(On understanding of the Scriptures)
It has long seemed to the writer that many if not most doctrinal differences are caused by a partial apprehension of the truth, rather than from a willful desire to depart from God’s word. A man perceives some special point of the truth, and loyally contends for that. If then he closes his mind to further teaching, or even tries to nullify the Scriptures that seem to conflict with his limited view, he becomes a sectarian. But if he accepts all that God says, and seeks to take hold of all in growing apprehension, he realizes to that extent the privilege and doctrinal position of a simple Christian. This is a distinctive mark.
Most of us have heard the parable of the Three Blind Men and the Elephant. The blind men went to see the elephant, and were permitted to touch him. One of the blind men got hold of the elephant’s leg, and came away with the impression that the elephant was like a tree. The second felt along his broad side and came to the conclusion that the elephant was like a wall. The third happened to grasp his ear, and he thought that the elephant was like a fan. All three had examined the elephant, and each had got a different impression. It would be easy to see how the three might fall into an irreconcilable controversy over the matter, even to impugning one another’s honesty and veracity, while yet they all spoke the truth. Each one’s apprehension of his subject was partial, and each one supposed that his partial knowledge was the whole truth.
Let us apply the lesson to the controversy that has been raised concerning the Kingdom. Some contend that—(barring an indefinite eternal state of bliss in heaven, which they call “the eternal kingdom,” title borrowed from 2 Peter 1:11)—the Church, is the final fulfillment of all the kingdom prophecies. Others (the writer is not one of them, nor has he ever been) hold that the kingdom is not yet established, but is wholly future. May it not be possible that here we have a case of partial apprehension of God’s truth? And, if such be the case, would it not be a gain in every way if the parties to the controversy would enlarge their hearts so as to take in all the scripture truth on the subject, without so much as attempting to do violence to any part of it?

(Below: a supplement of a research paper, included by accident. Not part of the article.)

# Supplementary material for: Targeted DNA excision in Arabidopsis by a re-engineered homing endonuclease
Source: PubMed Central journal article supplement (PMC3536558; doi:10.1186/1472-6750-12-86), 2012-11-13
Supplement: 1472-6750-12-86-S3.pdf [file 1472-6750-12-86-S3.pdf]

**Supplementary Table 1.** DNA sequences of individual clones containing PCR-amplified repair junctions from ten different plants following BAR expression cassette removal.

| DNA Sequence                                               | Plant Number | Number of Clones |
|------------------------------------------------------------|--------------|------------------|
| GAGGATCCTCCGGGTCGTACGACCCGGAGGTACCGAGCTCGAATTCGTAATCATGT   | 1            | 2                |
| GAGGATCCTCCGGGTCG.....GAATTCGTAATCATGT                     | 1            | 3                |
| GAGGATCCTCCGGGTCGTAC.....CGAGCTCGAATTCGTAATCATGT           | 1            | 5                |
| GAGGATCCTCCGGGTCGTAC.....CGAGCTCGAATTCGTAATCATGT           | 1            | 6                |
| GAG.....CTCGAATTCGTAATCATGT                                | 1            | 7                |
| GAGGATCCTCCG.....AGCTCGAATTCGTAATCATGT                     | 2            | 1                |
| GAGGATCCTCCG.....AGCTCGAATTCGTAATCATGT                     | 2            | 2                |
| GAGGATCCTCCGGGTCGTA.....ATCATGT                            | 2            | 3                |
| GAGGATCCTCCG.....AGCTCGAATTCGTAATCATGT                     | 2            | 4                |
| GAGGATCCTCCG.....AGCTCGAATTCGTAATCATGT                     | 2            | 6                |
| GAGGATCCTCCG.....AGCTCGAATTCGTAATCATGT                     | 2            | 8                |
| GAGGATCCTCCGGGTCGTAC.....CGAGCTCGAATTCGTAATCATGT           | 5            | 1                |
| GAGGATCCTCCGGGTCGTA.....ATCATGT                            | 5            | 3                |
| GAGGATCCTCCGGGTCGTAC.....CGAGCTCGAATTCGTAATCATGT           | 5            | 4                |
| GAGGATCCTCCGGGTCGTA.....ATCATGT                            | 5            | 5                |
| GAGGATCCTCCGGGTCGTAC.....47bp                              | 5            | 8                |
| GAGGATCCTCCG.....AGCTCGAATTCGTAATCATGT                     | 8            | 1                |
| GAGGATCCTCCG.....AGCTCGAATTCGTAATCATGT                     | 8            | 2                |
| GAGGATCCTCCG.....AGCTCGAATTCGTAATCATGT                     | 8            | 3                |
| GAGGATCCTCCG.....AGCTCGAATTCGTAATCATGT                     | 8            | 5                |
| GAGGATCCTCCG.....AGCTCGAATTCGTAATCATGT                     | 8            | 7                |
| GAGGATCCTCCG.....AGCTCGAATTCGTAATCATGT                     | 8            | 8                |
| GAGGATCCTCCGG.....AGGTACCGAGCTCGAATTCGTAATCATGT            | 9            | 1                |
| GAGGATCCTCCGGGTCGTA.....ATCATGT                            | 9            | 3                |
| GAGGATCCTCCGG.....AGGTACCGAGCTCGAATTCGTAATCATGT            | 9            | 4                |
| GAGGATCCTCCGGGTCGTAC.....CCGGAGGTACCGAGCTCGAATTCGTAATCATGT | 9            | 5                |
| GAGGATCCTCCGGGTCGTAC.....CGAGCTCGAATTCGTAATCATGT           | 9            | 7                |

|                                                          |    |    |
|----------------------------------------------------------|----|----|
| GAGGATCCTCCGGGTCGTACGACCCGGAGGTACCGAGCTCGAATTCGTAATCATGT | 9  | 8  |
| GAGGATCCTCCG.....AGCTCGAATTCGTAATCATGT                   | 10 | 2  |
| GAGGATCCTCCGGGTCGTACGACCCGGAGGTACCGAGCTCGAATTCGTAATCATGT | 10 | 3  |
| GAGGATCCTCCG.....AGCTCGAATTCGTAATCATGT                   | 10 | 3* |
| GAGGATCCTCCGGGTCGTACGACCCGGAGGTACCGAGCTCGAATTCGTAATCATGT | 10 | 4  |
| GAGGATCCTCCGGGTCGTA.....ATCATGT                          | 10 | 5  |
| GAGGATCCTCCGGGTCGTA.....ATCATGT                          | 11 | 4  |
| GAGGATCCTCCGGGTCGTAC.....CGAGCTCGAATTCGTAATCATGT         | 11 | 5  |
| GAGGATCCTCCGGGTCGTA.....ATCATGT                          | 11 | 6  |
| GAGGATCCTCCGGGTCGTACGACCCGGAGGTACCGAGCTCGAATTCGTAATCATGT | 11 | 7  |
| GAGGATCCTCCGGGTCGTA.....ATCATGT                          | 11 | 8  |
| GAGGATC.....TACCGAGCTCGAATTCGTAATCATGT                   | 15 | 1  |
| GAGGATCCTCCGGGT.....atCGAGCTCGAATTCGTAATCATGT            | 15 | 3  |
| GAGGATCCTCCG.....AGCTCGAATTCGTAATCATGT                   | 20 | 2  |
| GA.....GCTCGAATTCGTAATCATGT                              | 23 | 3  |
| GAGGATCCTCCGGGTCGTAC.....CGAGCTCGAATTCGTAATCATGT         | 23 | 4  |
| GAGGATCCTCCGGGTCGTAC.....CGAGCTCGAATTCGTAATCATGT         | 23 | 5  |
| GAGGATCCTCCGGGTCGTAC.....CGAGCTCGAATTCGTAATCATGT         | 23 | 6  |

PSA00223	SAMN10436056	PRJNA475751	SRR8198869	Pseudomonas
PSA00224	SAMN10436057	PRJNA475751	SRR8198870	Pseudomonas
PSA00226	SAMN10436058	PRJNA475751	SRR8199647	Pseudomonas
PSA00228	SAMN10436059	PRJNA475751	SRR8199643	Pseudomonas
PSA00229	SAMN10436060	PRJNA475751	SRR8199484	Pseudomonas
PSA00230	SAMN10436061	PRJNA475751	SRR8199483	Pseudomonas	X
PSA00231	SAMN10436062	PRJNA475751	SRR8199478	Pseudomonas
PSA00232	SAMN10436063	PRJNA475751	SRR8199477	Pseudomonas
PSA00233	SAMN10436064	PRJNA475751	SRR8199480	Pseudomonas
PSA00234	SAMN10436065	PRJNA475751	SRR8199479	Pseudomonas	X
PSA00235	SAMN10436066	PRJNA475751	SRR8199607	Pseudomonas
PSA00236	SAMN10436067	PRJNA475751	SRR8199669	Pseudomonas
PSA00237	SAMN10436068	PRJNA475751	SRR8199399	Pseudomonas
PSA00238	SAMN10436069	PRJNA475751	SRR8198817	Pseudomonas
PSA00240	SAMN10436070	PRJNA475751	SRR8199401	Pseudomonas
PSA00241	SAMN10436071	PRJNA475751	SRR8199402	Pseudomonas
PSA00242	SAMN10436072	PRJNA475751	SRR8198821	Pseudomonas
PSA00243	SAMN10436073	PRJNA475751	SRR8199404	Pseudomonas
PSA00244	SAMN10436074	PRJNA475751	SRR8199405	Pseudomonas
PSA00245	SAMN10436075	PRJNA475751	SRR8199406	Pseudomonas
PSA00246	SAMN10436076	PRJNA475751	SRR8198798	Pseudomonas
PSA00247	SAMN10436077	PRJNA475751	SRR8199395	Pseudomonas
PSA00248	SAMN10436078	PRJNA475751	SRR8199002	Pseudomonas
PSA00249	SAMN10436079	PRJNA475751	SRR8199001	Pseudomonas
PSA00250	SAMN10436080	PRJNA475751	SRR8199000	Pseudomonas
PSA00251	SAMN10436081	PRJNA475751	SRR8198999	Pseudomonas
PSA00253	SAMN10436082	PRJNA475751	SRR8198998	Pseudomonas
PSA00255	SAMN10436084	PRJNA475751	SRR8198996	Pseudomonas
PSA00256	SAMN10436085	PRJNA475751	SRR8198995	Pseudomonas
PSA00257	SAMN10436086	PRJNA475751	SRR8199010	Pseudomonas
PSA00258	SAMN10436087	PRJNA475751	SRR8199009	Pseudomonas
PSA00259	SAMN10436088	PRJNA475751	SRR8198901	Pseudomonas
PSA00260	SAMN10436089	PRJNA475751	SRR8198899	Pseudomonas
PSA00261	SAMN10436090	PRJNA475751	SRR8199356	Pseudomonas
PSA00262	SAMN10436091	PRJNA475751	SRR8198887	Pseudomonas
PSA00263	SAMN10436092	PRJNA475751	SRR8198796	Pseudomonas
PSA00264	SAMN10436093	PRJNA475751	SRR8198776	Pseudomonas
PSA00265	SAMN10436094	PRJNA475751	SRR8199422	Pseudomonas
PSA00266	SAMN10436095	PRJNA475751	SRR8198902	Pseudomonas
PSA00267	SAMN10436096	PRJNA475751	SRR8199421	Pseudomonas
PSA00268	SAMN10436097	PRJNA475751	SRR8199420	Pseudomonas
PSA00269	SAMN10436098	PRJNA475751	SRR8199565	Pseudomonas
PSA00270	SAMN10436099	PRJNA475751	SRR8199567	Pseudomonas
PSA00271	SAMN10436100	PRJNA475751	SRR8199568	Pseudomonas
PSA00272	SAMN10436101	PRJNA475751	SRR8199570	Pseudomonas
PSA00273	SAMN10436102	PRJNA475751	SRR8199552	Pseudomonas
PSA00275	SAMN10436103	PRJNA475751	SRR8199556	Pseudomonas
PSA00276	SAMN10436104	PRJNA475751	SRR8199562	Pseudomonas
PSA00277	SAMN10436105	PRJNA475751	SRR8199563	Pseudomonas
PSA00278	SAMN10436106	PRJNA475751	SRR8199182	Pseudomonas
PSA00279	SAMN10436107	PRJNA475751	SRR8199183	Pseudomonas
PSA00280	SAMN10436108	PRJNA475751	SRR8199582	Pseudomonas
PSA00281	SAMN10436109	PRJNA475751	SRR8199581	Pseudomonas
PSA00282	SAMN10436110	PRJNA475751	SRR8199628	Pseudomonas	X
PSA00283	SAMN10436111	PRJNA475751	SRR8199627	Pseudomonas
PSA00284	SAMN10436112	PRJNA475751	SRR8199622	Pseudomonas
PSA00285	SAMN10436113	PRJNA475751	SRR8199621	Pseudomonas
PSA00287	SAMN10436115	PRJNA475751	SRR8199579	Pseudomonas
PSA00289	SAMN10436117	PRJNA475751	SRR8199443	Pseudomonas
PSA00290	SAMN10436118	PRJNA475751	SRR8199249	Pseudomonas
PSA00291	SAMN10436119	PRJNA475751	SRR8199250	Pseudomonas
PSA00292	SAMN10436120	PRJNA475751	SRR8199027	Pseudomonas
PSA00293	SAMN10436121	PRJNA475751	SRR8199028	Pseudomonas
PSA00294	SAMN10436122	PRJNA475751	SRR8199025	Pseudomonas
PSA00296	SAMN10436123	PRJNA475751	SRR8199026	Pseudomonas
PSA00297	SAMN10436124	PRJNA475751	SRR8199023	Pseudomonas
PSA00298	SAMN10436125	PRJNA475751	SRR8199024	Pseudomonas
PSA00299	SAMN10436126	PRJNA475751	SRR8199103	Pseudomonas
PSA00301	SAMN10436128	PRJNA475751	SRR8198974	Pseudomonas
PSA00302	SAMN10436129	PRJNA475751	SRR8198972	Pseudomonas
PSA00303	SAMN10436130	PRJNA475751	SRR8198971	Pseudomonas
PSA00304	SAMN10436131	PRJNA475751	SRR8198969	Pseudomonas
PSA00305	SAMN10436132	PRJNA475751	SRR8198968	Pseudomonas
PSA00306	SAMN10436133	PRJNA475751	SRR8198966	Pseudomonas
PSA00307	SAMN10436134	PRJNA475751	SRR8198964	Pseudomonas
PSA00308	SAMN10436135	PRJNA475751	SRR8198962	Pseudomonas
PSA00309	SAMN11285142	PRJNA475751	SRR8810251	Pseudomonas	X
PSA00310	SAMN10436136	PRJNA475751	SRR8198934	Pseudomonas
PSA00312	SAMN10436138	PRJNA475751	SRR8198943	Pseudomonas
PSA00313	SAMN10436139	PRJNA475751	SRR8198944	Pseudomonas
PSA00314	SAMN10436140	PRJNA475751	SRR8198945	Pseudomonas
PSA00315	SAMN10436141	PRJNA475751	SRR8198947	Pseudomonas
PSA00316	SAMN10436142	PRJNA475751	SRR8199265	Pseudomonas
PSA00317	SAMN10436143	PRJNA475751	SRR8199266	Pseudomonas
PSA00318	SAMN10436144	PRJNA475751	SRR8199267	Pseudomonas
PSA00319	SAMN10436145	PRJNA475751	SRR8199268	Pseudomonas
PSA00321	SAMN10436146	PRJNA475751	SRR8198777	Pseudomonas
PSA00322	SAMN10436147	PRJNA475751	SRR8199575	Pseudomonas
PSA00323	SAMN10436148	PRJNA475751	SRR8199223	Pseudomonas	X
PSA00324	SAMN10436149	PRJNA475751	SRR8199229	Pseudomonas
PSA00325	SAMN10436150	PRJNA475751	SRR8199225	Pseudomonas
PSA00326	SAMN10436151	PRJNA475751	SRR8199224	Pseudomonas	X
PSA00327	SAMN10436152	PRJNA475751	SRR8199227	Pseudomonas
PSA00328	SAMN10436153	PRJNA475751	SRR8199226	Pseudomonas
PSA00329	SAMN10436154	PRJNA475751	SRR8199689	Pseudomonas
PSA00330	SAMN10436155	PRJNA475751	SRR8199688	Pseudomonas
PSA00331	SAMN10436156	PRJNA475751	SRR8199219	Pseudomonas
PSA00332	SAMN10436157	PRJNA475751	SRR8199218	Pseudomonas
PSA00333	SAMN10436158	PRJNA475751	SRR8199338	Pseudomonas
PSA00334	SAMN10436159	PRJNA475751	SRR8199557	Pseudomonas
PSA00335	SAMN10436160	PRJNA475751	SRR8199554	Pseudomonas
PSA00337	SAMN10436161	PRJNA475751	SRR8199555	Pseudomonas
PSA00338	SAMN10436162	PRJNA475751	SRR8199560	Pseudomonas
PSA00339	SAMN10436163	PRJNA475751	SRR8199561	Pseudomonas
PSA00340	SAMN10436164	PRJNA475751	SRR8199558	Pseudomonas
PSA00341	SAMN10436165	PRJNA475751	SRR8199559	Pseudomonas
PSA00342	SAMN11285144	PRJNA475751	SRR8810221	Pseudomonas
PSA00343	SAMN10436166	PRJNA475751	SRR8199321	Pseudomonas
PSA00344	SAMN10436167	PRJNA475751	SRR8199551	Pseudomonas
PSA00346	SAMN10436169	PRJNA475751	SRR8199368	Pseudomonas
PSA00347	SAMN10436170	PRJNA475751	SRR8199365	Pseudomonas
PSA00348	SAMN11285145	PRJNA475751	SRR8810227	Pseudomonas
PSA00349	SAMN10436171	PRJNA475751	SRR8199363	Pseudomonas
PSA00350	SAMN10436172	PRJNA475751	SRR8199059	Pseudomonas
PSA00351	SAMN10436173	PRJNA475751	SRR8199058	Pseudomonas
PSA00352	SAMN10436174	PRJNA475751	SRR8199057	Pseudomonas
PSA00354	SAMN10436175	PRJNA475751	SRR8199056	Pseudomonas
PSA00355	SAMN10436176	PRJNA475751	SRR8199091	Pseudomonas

Take the one side—it seems to me that even one passage as plain as Colossians 1:13 (“Who delivered us out of the power of darkness and translated us into the kingdom of the Son of his love”)—ought to be sufficient to convince a man that those who in this day are saved through the gospel are in the kingdom. And there are other passages to the same effect. Why should a Christian, a free child of God, bound by no men’s creed, feel any necessity of explaining away, or in any wise circumventing such a statement of God’s word? Why should any believing man be under bondage to a theory, whether it be his own or that of another, that would compel him to refute such a passage as this?
On the other hand, let a man take up the statements concerning the kingdom in the New Testament, and examine them carefully in the light of their context, and judge whether without exception the church answers to the requirements of each passage. If the kingdom here spoken of is simply the church, would it not be peculiar to say (as in Matthew 5:3)—“theirs is the kingdom of heaven?” Is the church theirs? Or does He refer to the church when He says the “many shall come from the east and west, and shall sit down with Abraham and Isaac and Jacob in the kingdom of heaven?” (Matthew 8:11). Does the term “kingdom of heaven” mean something so radically different in this place than it means elsewhere in Matthew? And if it cannot apply to the church here, may it not be that the “kingdom of heaven” includes something more than is now seen in the church? Again, if the church was meant, would it not be strange to say, “It is your Father’s good pleasure to give you the kingdom?” (Luke 12:32) Would it not be an awkward promise “to give you the church?” Elsewhere the expression “to give one the kingdom” does not merely mean an admission to citizenship in it, but the sovereignty over it. (1 Samuel 15:28; Daniel 4:17; 5:31. Comp. Luke 4:6, 7).